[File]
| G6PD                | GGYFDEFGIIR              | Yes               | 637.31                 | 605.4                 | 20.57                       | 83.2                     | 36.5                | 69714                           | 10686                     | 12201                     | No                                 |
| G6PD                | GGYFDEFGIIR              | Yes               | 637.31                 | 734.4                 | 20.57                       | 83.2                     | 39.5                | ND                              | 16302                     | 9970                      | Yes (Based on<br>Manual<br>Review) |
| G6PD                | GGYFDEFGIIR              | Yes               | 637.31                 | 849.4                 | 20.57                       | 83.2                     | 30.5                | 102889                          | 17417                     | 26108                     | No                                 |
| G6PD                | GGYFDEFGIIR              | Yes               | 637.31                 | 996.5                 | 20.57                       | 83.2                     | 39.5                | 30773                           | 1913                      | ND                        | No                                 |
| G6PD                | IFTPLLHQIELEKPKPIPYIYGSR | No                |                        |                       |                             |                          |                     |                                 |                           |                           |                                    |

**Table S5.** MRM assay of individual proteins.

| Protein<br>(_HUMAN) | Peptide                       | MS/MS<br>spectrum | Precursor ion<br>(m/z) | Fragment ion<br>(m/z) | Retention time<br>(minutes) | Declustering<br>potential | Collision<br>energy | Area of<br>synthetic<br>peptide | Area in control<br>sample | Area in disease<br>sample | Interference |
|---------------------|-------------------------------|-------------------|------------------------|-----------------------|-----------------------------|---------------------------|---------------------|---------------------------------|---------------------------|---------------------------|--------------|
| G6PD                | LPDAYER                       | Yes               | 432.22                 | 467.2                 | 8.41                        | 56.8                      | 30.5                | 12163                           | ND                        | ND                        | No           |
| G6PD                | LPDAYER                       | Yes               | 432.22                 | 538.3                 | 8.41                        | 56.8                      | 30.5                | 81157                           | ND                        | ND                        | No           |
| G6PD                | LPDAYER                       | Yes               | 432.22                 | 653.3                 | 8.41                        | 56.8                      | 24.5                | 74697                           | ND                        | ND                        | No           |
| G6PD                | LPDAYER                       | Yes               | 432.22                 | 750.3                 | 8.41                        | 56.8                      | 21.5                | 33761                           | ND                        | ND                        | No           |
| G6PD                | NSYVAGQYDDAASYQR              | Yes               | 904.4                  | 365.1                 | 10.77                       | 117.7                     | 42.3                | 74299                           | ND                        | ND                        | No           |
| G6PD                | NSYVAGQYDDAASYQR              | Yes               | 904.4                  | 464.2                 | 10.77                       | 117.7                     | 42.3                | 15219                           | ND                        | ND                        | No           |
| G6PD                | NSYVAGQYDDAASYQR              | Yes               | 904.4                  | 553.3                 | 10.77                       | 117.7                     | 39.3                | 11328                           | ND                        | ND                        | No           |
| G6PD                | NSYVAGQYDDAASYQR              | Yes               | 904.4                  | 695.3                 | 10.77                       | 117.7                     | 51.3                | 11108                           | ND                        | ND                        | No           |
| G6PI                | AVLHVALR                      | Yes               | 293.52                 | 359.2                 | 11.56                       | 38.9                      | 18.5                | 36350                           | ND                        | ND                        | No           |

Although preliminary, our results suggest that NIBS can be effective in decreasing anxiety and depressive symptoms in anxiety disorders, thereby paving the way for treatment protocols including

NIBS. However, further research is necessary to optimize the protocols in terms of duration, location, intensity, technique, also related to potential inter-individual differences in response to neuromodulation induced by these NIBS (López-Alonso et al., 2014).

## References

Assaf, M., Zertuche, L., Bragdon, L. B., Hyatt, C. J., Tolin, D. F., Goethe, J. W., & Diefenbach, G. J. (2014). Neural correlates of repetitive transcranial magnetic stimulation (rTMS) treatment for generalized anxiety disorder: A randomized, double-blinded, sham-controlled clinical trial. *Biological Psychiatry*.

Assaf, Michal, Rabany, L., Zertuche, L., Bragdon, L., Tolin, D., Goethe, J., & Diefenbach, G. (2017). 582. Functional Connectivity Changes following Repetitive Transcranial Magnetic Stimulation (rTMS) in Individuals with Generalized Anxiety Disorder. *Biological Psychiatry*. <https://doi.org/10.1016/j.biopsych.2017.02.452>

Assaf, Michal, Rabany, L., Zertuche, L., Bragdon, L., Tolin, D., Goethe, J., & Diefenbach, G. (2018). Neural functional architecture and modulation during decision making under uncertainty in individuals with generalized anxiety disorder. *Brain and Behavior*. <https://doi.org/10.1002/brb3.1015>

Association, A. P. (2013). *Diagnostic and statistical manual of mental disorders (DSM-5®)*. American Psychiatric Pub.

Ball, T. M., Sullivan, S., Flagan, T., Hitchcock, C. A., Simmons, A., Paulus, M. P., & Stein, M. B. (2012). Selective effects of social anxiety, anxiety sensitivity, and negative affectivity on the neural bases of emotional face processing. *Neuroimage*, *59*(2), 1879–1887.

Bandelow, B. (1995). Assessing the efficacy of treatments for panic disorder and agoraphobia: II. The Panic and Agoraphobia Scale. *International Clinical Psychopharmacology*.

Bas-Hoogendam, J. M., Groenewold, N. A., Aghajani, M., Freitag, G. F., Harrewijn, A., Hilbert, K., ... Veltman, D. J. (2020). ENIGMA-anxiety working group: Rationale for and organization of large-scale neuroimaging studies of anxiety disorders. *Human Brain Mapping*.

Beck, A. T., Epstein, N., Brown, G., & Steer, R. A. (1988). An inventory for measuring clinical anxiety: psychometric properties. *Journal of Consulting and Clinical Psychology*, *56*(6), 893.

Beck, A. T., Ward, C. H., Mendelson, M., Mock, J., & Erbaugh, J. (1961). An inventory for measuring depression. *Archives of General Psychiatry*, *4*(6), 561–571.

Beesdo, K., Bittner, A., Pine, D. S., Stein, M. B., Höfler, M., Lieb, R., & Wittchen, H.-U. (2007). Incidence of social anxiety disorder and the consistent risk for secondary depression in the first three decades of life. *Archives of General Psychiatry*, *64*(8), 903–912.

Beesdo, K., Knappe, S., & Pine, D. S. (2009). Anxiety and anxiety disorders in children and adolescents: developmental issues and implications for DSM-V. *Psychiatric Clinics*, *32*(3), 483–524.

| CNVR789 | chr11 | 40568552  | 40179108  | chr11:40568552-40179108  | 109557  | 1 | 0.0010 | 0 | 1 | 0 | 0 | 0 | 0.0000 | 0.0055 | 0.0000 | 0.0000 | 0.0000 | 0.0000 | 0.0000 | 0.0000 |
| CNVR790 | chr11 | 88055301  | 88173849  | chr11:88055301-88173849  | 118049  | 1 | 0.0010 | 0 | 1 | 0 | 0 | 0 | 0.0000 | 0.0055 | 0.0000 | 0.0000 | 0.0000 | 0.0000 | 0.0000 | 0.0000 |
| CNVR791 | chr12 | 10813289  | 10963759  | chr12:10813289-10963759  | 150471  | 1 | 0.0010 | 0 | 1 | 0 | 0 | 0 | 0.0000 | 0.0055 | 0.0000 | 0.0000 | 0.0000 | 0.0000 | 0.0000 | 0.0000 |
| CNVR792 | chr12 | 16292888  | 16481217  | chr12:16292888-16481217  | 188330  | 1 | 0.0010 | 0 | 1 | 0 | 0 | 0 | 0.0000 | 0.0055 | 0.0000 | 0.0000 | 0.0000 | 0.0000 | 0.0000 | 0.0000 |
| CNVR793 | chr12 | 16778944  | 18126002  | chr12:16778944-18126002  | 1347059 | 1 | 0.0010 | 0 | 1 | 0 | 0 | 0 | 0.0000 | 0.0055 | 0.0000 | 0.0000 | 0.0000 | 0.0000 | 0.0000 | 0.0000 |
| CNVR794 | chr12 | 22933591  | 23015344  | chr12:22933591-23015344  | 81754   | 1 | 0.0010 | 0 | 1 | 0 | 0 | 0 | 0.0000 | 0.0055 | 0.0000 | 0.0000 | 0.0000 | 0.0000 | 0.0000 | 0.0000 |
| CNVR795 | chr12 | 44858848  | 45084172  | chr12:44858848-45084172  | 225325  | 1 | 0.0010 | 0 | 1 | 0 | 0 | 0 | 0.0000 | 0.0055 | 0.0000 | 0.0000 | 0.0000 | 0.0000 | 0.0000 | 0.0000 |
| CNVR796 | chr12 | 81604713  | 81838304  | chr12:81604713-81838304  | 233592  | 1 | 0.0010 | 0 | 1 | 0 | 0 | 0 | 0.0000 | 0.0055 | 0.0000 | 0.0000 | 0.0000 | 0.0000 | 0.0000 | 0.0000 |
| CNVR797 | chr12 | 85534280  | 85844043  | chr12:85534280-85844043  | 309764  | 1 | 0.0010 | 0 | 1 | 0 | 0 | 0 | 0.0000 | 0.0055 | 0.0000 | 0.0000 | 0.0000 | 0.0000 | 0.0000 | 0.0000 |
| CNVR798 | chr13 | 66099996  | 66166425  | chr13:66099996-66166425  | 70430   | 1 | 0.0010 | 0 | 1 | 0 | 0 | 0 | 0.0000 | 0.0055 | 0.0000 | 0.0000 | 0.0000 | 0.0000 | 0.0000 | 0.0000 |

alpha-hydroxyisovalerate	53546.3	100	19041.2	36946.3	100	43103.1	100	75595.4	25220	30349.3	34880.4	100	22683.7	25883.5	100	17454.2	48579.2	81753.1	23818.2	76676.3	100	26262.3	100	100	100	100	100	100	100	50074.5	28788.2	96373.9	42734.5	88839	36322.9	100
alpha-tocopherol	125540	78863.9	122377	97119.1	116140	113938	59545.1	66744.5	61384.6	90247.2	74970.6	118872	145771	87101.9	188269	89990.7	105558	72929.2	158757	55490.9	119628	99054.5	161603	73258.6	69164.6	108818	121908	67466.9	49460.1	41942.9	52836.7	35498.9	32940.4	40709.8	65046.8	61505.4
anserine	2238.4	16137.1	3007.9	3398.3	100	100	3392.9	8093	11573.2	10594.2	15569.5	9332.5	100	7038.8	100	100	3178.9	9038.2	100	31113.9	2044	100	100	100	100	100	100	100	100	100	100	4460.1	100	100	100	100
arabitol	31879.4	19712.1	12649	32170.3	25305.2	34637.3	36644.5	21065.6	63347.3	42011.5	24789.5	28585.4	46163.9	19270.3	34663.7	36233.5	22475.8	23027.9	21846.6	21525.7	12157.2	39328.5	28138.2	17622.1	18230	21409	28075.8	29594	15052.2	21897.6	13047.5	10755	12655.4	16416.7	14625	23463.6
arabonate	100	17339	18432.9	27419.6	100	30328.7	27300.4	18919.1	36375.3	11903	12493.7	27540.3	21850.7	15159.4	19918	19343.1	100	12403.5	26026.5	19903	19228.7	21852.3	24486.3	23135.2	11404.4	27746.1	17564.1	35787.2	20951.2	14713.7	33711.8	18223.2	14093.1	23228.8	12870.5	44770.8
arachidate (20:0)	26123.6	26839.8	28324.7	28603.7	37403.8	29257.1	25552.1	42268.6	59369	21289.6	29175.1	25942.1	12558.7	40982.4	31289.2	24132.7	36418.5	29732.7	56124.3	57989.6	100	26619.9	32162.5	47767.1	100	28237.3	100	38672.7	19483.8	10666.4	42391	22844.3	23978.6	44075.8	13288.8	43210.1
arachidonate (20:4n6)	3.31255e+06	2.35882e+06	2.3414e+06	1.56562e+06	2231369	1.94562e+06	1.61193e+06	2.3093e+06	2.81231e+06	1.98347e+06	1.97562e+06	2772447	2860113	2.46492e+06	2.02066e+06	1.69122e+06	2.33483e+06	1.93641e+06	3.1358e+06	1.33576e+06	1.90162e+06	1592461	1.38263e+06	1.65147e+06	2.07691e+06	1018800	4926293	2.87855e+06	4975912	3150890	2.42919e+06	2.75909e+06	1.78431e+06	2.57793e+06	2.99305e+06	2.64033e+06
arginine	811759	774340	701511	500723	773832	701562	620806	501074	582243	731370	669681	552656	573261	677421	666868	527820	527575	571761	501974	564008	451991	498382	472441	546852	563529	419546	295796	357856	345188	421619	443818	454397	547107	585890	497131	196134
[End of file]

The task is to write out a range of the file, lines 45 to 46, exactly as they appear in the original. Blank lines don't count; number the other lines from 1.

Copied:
arabitol	31879.4	19712.1	12649	32170.3	25305.2	34637.3	36644.5	21065.6	63347.3	42011.5	24789.5	28585.4	46163.9	19270.3	34663.7	36233.5	22475.8	23027.9	21846.6	21525.7	12157.2	39328.5	28138.2	17622.1	18230	21409	28075.8	29594	15052.2	21897.6	13047.5	10755	12655.4	16416.7	14625	23463.6
arabonate	100	17339	18432.9	27419.6	100	30328.7	27300.4	18919.1	36375.3	11903	12493.7	27540.3	21850.7	15159.4	19918	19343.1	100	12403.5	26026.5	19903	19228.7	21852.3	24486.3	23135.2	11404.4	27746.1	17564.1	35787.2	20951.2	14713.7	33711.8	18223.2	14093.1	23228.8	12870.5	44770.8